Media Exploration, Cross-Cultural Reflection, and Scientific Inquiry at Art Stage Singapore 2015
Since its beginnings in 2011, Art Stage Singapore has been an ambassador for Southeast Asian artists and galleries, converting Singapore into a stronghold for the regional art market. Today the fair offers tremendous visual diversity, easily mixing Western influences with local cultures.
Just like films by Thai director Apichatpong Weerasethakul (praised by cinephiles and one of the top artists at last year’s fair), Art Stage creates an atmosphere of mystery, immersing the viewer into a surreal world that suggests the omnipresence of nature. Fittingly, for a lot of artists, the relationship between humans and nature is a departure point for experimentation with media—in the works at the fair, nature is depicted in all possible forms, from traditional painting to robotized objects. Although the main commercial part of the fair still focuses on painting, and some gallerists mention local buyers’ passion for visually elaborate and decorative work, the curated and special exhibitions spread throughout the fair restore the balance between traditional and edgier art, with the Southeast Asia Platform and video section showcasing diverse media practices. All in all, Art Stage is a particular and ever-changing fair that has become an ideal place to fetch unusual artworks.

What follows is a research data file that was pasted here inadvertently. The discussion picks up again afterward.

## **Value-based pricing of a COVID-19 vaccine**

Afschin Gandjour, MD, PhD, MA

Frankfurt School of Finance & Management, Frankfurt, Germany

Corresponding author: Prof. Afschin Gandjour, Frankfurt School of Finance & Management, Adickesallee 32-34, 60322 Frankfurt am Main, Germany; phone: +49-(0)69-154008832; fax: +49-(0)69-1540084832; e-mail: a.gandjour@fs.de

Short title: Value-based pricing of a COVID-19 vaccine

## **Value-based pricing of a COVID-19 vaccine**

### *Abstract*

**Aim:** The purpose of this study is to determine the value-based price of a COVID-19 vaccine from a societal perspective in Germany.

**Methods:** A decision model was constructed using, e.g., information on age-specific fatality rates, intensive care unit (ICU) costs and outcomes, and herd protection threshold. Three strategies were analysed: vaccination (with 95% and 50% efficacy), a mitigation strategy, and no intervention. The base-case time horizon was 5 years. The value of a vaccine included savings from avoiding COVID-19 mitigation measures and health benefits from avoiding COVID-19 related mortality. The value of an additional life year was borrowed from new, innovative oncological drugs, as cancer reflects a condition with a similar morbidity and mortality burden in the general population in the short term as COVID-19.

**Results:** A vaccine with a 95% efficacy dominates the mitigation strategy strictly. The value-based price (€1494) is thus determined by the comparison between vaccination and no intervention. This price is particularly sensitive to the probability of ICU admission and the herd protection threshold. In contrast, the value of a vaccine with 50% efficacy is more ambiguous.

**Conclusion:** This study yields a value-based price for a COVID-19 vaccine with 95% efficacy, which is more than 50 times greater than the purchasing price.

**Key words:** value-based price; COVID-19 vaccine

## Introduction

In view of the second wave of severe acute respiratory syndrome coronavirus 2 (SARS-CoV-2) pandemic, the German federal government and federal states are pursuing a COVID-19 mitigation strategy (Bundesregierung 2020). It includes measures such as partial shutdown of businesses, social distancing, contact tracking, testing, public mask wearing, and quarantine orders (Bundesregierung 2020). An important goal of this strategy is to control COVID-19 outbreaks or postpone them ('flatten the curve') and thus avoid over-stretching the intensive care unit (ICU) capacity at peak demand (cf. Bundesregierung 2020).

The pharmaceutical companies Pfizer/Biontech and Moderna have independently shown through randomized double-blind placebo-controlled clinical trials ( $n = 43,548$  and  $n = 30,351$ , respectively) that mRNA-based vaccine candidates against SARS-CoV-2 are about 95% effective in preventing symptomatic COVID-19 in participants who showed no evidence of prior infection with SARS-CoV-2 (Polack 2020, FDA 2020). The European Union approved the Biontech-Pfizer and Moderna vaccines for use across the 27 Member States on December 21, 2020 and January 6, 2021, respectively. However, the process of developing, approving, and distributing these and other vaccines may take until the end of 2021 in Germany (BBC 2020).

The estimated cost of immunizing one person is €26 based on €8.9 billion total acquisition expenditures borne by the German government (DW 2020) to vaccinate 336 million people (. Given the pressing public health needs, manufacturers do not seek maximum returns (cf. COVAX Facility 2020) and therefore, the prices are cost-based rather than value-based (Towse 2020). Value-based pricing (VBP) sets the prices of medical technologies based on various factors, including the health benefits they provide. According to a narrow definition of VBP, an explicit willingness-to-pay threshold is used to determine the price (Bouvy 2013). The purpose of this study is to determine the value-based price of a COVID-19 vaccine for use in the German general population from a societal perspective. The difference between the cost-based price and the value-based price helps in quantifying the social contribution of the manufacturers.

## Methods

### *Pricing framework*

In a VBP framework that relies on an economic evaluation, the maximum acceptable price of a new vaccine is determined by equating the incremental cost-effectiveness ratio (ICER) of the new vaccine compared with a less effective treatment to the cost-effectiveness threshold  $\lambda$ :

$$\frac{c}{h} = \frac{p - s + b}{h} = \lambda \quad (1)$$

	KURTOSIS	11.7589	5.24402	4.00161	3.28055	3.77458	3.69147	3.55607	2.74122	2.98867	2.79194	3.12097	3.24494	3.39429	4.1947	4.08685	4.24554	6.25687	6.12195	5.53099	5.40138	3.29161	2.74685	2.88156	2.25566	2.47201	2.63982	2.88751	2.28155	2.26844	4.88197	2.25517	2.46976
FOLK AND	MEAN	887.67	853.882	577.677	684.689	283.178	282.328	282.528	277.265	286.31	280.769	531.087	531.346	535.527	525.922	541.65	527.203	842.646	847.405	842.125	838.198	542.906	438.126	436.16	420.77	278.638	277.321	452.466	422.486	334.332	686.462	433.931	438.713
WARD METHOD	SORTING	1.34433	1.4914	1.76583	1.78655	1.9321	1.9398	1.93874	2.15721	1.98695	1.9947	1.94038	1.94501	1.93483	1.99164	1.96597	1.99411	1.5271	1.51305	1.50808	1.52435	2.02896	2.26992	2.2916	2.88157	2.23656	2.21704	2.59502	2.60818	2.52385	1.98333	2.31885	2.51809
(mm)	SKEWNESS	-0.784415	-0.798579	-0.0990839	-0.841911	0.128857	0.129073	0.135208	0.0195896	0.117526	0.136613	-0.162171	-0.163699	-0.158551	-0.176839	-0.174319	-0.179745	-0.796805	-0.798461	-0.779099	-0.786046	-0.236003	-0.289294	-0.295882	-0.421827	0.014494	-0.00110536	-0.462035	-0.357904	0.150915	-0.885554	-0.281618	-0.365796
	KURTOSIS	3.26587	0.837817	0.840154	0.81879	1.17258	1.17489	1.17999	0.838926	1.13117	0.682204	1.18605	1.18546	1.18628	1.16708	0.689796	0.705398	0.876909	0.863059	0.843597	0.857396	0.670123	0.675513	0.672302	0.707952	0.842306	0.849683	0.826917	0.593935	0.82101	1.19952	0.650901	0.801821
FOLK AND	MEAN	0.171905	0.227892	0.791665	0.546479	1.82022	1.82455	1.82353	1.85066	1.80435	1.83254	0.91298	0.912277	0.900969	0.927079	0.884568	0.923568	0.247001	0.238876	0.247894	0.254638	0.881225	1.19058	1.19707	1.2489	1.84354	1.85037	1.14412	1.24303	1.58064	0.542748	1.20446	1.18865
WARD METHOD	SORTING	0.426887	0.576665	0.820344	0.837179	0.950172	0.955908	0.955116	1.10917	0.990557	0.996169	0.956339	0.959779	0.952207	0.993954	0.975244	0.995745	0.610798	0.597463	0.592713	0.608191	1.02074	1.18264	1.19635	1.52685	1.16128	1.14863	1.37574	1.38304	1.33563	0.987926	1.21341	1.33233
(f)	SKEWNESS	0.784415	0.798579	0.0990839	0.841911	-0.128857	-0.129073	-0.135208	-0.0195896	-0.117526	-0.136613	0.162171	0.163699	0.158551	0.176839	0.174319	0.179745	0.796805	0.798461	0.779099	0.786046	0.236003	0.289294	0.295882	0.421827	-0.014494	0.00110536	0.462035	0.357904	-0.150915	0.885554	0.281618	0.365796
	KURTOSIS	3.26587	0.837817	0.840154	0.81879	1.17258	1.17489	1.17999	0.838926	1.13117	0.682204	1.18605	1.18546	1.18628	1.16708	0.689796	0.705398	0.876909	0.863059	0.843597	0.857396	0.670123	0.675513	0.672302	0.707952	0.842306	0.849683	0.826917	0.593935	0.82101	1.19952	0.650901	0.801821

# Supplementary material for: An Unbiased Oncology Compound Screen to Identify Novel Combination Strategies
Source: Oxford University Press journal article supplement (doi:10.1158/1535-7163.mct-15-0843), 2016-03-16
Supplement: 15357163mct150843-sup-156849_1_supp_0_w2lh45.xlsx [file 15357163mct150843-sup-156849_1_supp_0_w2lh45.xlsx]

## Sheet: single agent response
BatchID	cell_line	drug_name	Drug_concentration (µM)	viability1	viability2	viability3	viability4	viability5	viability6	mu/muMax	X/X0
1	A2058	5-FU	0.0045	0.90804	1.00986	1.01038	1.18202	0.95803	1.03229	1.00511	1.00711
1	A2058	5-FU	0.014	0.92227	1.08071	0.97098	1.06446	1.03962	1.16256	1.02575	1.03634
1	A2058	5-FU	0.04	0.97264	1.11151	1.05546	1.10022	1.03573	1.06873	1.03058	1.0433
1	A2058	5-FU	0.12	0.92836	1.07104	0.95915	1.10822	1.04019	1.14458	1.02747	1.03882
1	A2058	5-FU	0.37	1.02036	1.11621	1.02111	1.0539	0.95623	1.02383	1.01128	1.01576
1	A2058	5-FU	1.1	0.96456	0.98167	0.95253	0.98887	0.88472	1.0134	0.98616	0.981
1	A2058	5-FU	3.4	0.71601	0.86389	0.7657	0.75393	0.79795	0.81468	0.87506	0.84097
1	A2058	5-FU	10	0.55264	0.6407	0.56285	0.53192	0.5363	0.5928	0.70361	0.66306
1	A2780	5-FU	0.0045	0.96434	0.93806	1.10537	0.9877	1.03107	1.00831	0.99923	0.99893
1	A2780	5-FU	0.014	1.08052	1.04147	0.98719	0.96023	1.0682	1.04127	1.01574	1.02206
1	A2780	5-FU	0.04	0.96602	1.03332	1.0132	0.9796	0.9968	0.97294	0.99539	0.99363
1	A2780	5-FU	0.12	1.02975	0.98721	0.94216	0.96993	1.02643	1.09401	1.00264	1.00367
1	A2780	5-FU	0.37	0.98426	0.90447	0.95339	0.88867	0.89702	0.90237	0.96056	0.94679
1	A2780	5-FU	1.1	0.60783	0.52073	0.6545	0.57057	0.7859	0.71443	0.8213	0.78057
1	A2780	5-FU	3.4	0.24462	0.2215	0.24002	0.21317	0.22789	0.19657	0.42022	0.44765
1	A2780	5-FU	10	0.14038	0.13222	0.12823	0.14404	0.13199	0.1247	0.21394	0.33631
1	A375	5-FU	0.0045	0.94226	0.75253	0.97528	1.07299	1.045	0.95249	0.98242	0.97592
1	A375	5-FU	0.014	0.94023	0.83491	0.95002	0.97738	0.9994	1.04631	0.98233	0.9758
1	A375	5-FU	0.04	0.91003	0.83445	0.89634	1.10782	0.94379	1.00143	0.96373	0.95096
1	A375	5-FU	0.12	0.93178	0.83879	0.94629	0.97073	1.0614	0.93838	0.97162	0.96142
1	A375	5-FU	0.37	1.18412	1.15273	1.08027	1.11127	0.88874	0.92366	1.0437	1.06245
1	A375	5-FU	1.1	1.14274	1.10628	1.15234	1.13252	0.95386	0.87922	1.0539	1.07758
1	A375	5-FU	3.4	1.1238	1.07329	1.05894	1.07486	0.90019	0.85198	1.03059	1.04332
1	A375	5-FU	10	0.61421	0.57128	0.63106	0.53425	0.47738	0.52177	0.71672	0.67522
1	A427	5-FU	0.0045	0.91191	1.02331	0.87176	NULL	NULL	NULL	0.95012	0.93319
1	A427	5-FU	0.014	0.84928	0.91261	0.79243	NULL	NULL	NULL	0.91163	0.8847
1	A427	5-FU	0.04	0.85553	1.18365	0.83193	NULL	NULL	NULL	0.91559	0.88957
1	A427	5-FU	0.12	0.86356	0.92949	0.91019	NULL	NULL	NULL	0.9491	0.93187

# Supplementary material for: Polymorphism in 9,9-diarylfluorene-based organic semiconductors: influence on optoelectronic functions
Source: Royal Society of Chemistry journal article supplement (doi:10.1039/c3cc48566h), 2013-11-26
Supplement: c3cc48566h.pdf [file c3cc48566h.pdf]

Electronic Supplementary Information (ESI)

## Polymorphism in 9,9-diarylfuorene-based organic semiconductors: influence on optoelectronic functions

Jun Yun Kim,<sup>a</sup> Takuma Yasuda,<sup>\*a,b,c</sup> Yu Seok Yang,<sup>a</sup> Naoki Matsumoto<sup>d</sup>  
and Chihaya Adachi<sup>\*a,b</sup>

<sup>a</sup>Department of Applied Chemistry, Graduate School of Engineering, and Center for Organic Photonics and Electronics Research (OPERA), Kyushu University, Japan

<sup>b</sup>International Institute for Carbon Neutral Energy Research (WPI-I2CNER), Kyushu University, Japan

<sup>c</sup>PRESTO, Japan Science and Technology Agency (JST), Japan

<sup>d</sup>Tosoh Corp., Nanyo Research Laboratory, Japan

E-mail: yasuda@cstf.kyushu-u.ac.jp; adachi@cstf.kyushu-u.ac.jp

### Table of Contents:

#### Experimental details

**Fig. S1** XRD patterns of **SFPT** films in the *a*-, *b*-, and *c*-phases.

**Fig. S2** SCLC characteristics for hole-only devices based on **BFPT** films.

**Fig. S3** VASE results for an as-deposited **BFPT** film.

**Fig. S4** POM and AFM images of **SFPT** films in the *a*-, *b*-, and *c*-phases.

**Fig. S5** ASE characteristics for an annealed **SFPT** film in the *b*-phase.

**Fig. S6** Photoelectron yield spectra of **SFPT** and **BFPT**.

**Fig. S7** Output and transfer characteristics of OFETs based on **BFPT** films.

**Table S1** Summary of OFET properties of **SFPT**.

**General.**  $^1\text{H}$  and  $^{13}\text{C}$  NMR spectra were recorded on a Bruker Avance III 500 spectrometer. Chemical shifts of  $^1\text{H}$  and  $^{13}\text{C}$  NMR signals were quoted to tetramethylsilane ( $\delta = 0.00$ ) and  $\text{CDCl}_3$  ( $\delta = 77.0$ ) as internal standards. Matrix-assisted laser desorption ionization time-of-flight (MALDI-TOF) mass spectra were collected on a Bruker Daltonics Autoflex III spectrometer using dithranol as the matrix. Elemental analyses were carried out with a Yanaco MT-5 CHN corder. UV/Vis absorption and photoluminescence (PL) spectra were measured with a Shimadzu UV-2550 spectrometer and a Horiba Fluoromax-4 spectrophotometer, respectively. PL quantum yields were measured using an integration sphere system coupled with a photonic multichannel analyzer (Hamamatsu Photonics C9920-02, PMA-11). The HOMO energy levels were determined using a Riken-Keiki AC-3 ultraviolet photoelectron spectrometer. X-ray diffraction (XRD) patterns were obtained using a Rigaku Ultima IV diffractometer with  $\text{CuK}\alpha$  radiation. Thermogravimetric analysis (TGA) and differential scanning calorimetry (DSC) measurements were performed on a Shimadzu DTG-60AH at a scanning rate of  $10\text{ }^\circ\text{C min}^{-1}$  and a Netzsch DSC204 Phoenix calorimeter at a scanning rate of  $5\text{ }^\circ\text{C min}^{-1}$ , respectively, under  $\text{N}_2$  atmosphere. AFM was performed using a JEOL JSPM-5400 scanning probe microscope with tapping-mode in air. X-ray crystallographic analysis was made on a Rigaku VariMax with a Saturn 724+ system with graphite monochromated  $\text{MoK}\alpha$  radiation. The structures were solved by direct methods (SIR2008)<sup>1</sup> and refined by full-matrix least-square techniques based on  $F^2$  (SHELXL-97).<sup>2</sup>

I found Sundaram Tagore Gallery, whose empire spans Singapore, Hong Kong, and New York, a good entry point to the true spirit of the fair. “We’ve always been interested in globalization, cultural entanglements, and connections,” said the eponymous director and curator of the gallery. His statement is perfectly in line with the selection of artists at the booth, which is not only international but also intercultural. The local star Jane Lee’s untitled mixed-media installation is shown alongside Annie Leibovitz’s portraits, and Kim Joon’s prints from the series “Bird Land” (which features an American eagle) are side-by-side with a sculpture by Fernando Botero and photographs by Sebastião Salgado. Even though globalization proves to be a troublesome process for Mr. Tagore, he admits it has influenced the gallery’s commercial success: “We’re doing well and have come back to Art Stage for the fifth time in a row.”